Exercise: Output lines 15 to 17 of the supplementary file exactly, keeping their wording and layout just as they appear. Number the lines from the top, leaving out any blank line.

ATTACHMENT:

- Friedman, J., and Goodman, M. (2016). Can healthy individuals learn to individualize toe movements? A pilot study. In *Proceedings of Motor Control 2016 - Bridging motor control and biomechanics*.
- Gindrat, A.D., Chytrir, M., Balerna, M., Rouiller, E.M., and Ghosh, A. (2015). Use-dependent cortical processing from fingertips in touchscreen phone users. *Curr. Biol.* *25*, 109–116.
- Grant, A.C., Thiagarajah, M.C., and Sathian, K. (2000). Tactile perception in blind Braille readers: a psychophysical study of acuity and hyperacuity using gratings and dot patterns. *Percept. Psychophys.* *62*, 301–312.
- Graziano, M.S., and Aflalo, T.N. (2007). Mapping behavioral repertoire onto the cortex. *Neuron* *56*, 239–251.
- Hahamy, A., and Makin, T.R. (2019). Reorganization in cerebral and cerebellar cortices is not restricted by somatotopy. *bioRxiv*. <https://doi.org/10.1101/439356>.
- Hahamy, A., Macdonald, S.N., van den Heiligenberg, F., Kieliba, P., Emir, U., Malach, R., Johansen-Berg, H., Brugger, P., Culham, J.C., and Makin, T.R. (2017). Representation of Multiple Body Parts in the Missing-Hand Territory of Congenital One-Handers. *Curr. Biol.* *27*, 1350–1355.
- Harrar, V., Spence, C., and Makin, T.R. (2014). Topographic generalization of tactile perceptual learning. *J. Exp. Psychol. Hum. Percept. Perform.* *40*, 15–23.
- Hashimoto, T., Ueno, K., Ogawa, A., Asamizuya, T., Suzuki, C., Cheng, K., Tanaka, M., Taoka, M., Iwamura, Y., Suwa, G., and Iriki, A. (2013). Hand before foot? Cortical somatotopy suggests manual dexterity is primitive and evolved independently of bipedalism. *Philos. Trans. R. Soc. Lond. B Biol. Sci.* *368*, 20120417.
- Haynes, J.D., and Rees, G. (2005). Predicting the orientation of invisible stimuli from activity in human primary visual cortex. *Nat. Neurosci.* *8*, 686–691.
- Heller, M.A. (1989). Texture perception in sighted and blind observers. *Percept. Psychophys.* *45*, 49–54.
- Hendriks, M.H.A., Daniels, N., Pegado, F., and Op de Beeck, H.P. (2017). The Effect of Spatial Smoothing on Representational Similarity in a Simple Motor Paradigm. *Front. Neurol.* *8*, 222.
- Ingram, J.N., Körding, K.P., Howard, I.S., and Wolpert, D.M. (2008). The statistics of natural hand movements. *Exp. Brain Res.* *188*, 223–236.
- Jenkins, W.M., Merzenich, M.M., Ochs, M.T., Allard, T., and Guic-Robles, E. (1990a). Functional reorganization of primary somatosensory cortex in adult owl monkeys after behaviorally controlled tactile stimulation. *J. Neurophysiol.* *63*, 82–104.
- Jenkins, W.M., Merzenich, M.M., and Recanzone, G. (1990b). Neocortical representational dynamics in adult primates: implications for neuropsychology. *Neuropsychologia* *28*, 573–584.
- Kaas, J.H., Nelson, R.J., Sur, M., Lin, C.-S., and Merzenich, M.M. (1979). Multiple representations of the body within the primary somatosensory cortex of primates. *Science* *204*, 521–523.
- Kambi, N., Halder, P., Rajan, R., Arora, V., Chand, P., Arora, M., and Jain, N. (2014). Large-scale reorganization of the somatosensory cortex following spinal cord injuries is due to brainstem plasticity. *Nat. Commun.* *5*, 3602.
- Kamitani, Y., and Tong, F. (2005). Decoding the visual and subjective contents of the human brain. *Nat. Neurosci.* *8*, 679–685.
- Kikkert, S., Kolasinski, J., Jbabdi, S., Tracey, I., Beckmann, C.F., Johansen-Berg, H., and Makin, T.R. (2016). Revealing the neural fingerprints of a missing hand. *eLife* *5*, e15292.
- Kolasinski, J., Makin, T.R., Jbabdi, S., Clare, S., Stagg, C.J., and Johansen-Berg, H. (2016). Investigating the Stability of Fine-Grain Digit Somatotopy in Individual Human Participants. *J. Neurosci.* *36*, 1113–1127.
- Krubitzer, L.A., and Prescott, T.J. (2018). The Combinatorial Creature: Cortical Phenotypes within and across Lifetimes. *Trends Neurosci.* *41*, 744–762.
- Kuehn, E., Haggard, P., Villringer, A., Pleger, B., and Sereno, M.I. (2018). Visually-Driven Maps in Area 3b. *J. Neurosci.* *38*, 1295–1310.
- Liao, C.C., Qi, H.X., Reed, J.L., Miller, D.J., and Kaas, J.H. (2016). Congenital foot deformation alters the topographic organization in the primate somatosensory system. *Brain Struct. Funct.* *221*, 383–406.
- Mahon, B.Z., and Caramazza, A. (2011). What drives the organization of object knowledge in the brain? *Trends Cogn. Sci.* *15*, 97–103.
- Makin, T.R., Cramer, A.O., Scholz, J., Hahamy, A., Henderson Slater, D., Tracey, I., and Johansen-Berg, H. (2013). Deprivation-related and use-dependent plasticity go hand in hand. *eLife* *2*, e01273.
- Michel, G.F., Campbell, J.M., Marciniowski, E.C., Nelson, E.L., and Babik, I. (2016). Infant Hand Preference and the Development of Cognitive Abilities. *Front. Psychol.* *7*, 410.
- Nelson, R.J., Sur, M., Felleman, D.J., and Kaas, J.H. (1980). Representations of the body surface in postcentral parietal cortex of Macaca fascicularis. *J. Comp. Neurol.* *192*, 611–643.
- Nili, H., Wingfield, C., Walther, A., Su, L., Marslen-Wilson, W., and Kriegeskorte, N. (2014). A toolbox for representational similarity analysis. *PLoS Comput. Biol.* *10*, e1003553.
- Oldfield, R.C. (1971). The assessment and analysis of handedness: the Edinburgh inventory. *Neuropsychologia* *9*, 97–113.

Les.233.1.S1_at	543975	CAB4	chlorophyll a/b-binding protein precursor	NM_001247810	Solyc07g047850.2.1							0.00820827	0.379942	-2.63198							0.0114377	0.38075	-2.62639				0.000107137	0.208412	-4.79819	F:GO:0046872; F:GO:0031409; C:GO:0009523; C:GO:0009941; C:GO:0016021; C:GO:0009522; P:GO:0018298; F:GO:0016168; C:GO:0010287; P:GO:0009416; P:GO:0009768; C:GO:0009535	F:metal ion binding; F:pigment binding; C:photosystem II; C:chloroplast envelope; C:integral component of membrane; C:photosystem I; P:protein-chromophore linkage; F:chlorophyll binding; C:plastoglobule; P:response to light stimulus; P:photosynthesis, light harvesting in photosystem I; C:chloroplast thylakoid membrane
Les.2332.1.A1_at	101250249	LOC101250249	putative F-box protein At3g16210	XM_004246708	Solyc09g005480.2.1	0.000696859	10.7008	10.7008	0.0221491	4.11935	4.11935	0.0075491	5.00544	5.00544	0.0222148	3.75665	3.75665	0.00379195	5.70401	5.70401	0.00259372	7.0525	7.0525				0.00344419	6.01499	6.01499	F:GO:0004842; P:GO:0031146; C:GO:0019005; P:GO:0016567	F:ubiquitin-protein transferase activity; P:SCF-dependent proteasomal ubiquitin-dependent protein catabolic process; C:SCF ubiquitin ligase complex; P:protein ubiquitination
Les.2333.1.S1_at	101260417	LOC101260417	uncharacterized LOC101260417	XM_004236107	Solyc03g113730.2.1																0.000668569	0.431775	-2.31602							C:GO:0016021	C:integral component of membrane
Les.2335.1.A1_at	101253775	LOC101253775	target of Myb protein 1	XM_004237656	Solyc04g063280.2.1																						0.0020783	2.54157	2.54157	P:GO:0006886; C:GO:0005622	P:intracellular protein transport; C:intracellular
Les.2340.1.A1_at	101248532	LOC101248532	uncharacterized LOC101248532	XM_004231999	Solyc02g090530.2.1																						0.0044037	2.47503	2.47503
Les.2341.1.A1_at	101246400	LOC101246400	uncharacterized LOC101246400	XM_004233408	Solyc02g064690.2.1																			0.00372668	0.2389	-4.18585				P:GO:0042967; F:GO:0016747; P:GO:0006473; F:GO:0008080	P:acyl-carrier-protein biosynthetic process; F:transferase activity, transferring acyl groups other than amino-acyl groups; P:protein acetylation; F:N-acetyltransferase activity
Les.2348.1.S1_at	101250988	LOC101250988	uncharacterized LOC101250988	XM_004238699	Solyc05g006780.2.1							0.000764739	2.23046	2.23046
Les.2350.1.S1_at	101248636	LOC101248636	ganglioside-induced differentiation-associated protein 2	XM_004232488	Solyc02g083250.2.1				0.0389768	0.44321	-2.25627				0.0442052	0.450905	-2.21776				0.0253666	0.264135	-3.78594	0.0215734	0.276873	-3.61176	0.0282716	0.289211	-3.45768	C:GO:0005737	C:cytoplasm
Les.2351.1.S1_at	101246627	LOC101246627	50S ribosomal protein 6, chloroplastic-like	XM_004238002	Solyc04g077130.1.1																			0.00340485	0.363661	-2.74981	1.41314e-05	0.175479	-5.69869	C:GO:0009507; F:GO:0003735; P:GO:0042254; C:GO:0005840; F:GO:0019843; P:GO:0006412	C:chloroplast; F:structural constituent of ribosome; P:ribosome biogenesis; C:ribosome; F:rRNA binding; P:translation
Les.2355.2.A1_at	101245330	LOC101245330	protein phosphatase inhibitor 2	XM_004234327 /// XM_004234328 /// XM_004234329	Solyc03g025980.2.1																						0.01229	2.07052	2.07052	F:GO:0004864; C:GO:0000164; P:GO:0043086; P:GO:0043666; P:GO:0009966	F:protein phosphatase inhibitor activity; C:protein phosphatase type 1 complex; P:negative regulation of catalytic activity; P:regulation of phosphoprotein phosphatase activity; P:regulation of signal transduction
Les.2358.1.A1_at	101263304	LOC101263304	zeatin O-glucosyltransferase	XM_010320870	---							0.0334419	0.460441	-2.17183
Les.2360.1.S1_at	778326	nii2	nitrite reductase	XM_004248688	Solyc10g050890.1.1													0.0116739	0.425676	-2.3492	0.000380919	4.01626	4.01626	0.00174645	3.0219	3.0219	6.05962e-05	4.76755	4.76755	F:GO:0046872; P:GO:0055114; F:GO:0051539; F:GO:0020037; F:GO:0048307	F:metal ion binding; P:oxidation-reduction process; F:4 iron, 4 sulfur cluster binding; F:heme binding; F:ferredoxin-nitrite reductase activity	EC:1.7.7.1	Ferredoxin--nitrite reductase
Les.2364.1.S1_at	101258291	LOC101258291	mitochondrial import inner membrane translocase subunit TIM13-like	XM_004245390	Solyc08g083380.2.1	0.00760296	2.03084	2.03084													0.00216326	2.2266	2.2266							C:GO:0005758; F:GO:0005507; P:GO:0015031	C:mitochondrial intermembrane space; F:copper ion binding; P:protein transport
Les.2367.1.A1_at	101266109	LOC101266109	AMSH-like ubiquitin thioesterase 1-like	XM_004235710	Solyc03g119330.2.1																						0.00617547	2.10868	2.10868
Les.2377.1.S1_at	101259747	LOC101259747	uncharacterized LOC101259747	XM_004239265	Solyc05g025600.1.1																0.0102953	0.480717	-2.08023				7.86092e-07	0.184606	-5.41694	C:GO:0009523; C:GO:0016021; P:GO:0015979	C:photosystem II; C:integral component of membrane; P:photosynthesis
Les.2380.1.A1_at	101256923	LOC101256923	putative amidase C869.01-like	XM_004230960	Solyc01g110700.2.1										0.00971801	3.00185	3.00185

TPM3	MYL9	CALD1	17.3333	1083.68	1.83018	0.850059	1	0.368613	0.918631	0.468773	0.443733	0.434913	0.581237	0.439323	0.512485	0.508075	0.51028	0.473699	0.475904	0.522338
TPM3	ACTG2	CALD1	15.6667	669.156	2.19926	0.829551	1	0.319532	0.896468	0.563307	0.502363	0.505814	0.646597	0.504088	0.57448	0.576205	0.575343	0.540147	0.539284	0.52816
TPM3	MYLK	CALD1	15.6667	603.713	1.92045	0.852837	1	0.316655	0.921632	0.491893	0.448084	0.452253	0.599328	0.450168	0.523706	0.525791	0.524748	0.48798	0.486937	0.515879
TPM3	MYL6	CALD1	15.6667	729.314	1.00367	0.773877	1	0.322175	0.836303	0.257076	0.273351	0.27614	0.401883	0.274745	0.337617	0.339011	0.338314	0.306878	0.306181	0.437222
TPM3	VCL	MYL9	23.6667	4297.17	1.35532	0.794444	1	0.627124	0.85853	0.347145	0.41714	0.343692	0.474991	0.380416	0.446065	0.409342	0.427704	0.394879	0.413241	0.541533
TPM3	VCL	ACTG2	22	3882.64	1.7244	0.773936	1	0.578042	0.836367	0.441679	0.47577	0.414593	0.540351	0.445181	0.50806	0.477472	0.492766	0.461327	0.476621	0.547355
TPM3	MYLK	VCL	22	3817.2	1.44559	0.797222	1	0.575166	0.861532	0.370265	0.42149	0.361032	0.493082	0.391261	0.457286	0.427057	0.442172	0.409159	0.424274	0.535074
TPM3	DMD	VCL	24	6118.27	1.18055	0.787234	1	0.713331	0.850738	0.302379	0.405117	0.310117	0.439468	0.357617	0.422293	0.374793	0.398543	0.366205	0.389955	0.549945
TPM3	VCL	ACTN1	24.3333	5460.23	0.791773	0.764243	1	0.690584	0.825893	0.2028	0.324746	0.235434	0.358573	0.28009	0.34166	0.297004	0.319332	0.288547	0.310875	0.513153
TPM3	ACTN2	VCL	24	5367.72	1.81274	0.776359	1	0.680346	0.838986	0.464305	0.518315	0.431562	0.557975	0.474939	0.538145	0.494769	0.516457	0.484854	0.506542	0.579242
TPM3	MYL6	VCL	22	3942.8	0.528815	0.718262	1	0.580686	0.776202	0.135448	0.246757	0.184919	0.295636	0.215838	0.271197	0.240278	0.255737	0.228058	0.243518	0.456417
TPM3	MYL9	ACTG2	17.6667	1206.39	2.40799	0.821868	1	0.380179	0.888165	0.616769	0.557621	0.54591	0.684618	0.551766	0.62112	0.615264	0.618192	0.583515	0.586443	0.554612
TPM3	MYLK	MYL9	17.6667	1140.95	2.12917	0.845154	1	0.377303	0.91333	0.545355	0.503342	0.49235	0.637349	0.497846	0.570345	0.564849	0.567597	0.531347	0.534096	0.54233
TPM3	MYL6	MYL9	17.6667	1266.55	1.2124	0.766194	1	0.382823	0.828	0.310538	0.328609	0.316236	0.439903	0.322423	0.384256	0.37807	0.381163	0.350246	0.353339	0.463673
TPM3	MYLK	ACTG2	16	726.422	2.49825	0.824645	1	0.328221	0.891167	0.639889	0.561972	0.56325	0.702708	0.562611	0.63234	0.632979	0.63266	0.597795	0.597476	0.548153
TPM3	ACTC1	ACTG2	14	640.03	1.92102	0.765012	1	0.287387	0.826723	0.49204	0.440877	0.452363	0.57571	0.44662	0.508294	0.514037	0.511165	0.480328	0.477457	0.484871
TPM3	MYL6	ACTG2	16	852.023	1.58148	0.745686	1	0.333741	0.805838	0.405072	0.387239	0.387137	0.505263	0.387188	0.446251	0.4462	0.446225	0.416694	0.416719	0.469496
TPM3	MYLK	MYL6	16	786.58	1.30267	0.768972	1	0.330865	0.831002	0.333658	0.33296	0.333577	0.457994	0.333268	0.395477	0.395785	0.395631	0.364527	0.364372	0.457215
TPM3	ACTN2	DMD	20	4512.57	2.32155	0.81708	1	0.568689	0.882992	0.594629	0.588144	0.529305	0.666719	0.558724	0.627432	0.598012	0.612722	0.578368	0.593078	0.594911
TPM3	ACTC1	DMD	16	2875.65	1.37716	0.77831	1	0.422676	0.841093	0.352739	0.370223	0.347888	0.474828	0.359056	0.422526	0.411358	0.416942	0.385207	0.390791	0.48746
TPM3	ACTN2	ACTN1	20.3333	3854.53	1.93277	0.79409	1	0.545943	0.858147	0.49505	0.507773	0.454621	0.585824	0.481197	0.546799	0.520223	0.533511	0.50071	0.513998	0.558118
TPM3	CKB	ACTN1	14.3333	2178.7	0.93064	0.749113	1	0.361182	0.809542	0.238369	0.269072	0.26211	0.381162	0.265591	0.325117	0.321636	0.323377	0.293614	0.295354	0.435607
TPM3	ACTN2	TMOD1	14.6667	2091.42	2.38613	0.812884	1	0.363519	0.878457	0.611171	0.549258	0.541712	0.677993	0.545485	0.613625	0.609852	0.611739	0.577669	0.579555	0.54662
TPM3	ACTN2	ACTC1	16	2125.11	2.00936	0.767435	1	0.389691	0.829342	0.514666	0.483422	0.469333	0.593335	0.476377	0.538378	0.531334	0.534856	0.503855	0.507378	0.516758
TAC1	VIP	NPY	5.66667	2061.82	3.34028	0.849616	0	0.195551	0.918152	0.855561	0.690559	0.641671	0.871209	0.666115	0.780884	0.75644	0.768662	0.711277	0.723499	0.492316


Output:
- Kaas, J.H., Nelson, R.J., Sur, M., Lin, C.-S., and Merzenich, M.M. (1979). Multiple representations of the body within the primary somatosensory cortex of primates. *Science* *204*, 521–523.
- Kambi, N., Halder, P., Rajan, R., Arora, V., Chand, P., Arora, M., and Jain, N. (2014). Large-scale reorganization of the somatosensory cortex following spinal cord injuries is due to brainstem plasticity. *Nat. Commun.* *5*, 3602.
- Kamitani, Y., and Tong, F. (2005). Decoding the visual and subjective contents of the human brain. *Nat. Neurosci.* *8*, 679–685.